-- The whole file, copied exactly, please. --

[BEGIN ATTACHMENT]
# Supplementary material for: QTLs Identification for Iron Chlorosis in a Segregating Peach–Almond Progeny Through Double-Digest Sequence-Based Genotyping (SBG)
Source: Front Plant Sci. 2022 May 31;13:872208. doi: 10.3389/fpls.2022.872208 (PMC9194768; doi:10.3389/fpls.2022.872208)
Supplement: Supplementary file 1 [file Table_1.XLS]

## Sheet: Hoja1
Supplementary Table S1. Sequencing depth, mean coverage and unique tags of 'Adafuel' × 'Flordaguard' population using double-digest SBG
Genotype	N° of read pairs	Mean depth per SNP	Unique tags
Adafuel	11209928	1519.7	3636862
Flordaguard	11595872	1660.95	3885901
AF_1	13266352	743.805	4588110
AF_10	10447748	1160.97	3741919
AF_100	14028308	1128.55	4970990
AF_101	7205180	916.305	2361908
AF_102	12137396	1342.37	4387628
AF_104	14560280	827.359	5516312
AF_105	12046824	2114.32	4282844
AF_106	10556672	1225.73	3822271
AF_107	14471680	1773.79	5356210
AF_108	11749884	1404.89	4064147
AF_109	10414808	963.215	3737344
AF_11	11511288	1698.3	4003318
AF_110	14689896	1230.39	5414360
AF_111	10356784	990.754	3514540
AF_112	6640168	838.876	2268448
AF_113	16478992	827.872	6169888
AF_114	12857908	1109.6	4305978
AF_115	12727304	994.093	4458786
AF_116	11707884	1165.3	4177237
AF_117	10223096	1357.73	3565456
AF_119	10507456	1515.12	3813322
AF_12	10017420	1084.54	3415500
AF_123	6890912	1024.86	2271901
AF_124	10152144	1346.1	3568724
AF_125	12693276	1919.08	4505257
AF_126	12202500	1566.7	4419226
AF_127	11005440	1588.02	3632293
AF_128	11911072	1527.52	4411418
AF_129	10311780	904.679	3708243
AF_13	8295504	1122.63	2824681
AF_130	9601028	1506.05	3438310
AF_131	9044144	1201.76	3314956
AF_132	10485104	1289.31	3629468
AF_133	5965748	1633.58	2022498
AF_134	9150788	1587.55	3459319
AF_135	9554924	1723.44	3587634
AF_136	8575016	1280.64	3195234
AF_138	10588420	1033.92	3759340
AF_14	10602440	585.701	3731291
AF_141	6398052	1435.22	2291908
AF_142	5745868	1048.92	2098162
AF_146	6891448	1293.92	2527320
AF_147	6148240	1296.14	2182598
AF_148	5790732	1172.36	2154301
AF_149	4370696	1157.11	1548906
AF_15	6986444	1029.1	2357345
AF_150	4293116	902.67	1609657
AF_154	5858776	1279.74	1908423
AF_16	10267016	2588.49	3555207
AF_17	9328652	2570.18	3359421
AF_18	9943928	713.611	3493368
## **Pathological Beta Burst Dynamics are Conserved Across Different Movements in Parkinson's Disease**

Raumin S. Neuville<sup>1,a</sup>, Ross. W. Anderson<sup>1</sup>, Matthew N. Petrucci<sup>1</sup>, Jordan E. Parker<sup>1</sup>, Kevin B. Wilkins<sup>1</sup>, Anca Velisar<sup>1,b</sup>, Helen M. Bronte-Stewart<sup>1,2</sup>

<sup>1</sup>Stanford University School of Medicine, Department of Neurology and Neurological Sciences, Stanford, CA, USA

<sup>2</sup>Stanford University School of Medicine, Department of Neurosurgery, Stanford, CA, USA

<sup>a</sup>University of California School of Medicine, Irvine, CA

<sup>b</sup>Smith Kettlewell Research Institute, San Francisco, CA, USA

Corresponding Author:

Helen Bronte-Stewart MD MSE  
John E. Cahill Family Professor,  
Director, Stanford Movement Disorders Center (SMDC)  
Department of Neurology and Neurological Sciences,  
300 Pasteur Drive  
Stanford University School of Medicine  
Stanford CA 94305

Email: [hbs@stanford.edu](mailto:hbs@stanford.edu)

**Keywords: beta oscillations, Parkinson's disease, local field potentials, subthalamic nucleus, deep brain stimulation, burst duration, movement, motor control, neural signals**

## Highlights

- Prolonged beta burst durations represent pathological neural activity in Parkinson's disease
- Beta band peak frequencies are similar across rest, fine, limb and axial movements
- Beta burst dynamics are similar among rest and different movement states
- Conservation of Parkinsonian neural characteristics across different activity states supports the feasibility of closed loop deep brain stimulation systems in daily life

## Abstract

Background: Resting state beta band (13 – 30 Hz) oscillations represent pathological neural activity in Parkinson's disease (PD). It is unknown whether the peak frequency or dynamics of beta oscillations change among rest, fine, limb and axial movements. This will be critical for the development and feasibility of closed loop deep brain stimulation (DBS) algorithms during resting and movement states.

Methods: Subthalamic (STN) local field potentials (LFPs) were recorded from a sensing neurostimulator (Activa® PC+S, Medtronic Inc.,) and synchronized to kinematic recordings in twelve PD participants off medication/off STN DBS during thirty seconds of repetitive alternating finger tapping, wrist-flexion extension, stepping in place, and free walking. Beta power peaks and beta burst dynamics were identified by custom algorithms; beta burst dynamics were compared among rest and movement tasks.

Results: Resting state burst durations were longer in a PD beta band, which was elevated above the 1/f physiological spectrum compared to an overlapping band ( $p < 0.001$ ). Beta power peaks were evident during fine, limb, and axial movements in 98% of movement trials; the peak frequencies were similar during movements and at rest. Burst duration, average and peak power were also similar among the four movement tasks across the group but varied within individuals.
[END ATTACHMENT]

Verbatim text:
# Supplementary material for: QTLs Identification for Iron Chlorosis in a Segregating Peach–Almond Progeny Through Double-Digest Sequence-Based Genotyping (SBG)
Source: Front Plant Sci. 2022 May 31;13:872208. doi: 10.3389/fpls.2022.872208 (PMC9194768; doi:10.3389/fpls.2022.872208)
Supplement: Supplementary file 1 [file Table_1.XLS]

## Sheet: Hoja1
Supplementary Table S1. Sequencing depth, mean coverage and unique tags of 'Adafuel' × 'Flordaguard' population using double-digest SBG
Genotype	N° of read pairs	Mean depth per SNP	Unique tags
Adafuel	11209928	1519.7	3636862
Flordaguard	11595872	1660.95	3885901
AF_1	13266352	743.805	4588110
AF_10	10447748	1160.97	3741919
AF_100	14028308	1128.55	4970990
AF_101	7205180	916.305	2361908
AF_102	12137396	1342.37	4387628
AF_104	14560280	827.359	5516312
AF_105	12046824	2114.32	4282844
AF_106	10556672	1225.73	3822271
AF_107	14471680	1773.79	5356210
AF_108	11749884	1404.89	4064147
AF_109	10414808	963.215	3737344
AF_11	11511288	1698.3	4003318
AF_110	14689896	1230.39	5414360
AF_111	10356784	990.754	3514540
AF_112	6640168	838.876	2268448
AF_113	16478992	827.872	6169888
AF_114	12857908	1109.6	4305978
AF_115	12727304	994.093	4458786
AF_116	11707884	1165.3	4177237
AF_117	10223096	1357.73	3565456
AF_119	10507456	1515.12	3813322
AF_12	10017420	1084.54	3415500
AF_123	6890912	1024.86	2271901
AF_124	10152144	1346.1	3568724
AF_125	12693276	1919.08	4505257
AF_126	12202500	1566.7	4419226
AF_127	11005440	1588.02	3632293
AF_128	11911072	1527.52	4411418
AF_129	10311780	904.679	3708243
AF_13	8295504	1122.63	2824681
AF_130	9601028	1506.05	3438310
AF_131	9044144	1201.76	3314956
AF_132	10485104	1289.31	3629468
AF_133	5965748	1633.58	2022498
AF_134	9150788	1587.55	3459319
AF_135	9554924	1723.44	3587634
AF_136	8575016	1280.64	3195234
AF_138	10588420	1033.92	3759340
AF_14	10602440	585.701	3731291
AF_141	6398052	1435.22	2291908
AF_142	5745868	1048.92	2098162
AF_146	6891448	1293.92	2527320
AF_147	6148240	1296.14	2182598
AF_148	5790732	1172.36	2154301
AF_149	4370696	1157.11	1548906
AF_15	6986444	1029.1	2357345
AF_150	4293116	902.67	1609657
AF_154	5858776	1279.74	1908423
AF_16	10267016	2588.49	3555207
AF_17	9328652	2570.18	3359421
AF_18	9943928	713.611	3493368
## **Pathological Beta Burst Dynamics are Conserved Across Different Movements in Parkinson's Disease**

Raumin S. Neuville<sup>1,a</sup>, Ross. W. Anderson<sup>1</sup>, Matthew N. Petrucci<sup>1</sup>, Jordan E. Parker<sup>1</sup>, Kevin B. Wilkins<sup>1</sup>, Anca Velisar<sup>1,b</sup>, Helen M. Bronte-Stewart<sup>1,2</sup>

<sup>1</sup>Stanford University School of Medicine, Department of Neurology and Neurological Sciences, Stanford, CA, USA

<sup>2</sup>Stanford University School of Medicine, Department of Neurosurgery, Stanford, CA, USA

<sup>a</sup>University of California School of Medicine, Irvine, CA

<sup>b</sup>Smith Kettlewell Research Institute, San Francisco, CA, USA

Corresponding Author:

Helen Bronte-Stewart MD MSE  
John E. Cahill Family Professor,  
Director, Stanford Movement Disorders Center (SMDC)  
Department of Neurology and Neurological Sciences,  
300 Pasteur Drive  
Stanford University School of Medicine  
Stanford CA 94305

Email: [hbs@stanford.edu](mailto:hbs@stanford.edu)

**Keywords: beta oscillations, Parkinson's disease, local field potentials, subthalamic nucleus, deep brain stimulation, burst duration, movement, motor control, neural signals**

## Highlights

- Prolonged beta burst durations represent pathological neural activity in Parkinson's disease
- Beta band peak frequencies are similar across rest, fine, limb and axial movements
- Beta burst dynamics are similar among rest and different movement states
- Conservation of Parkinsonian neural characteristics across different activity states supports the feasibility of closed loop deep brain stimulation systems in daily life

## Abstract

Background: Resting state beta band (13 – 30 Hz) oscillations represent pathological neural activity in Parkinson's disease (PD). It is unknown whether the peak frequency or dynamics of beta oscillations change among rest, fine, limb and axial movements. This will be critical for the development and feasibility of closed loop deep brain stimulation (DBS) algorithms during resting and movement states.

Methods: Subthalamic (STN) local field potentials (LFPs) were recorded from a sensing neurostimulator (Activa® PC+S, Medtronic Inc.,) and synchronized to kinematic recordings in twelve PD participants off medication/off STN DBS during thirty seconds of repetitive alternating finger tapping, wrist-flexion extension, stepping in place, and free walking. Beta power peaks and beta burst dynamics were identified by custom algorithms; beta burst dynamics were compared among rest and movement tasks.

Results: Resting state burst durations were longer in a PD beta band, which was elevated above the 1/f physiological spectrum compared to an overlapping band ( $p < 0.001$ ). Beta power peaks were evident during fine, limb, and axial movements in 98% of movement trials; the peak frequencies were similar during movements and at rest. Burst duration, average and peak power were also similar among the four movement tasks across the group but varied within individuals.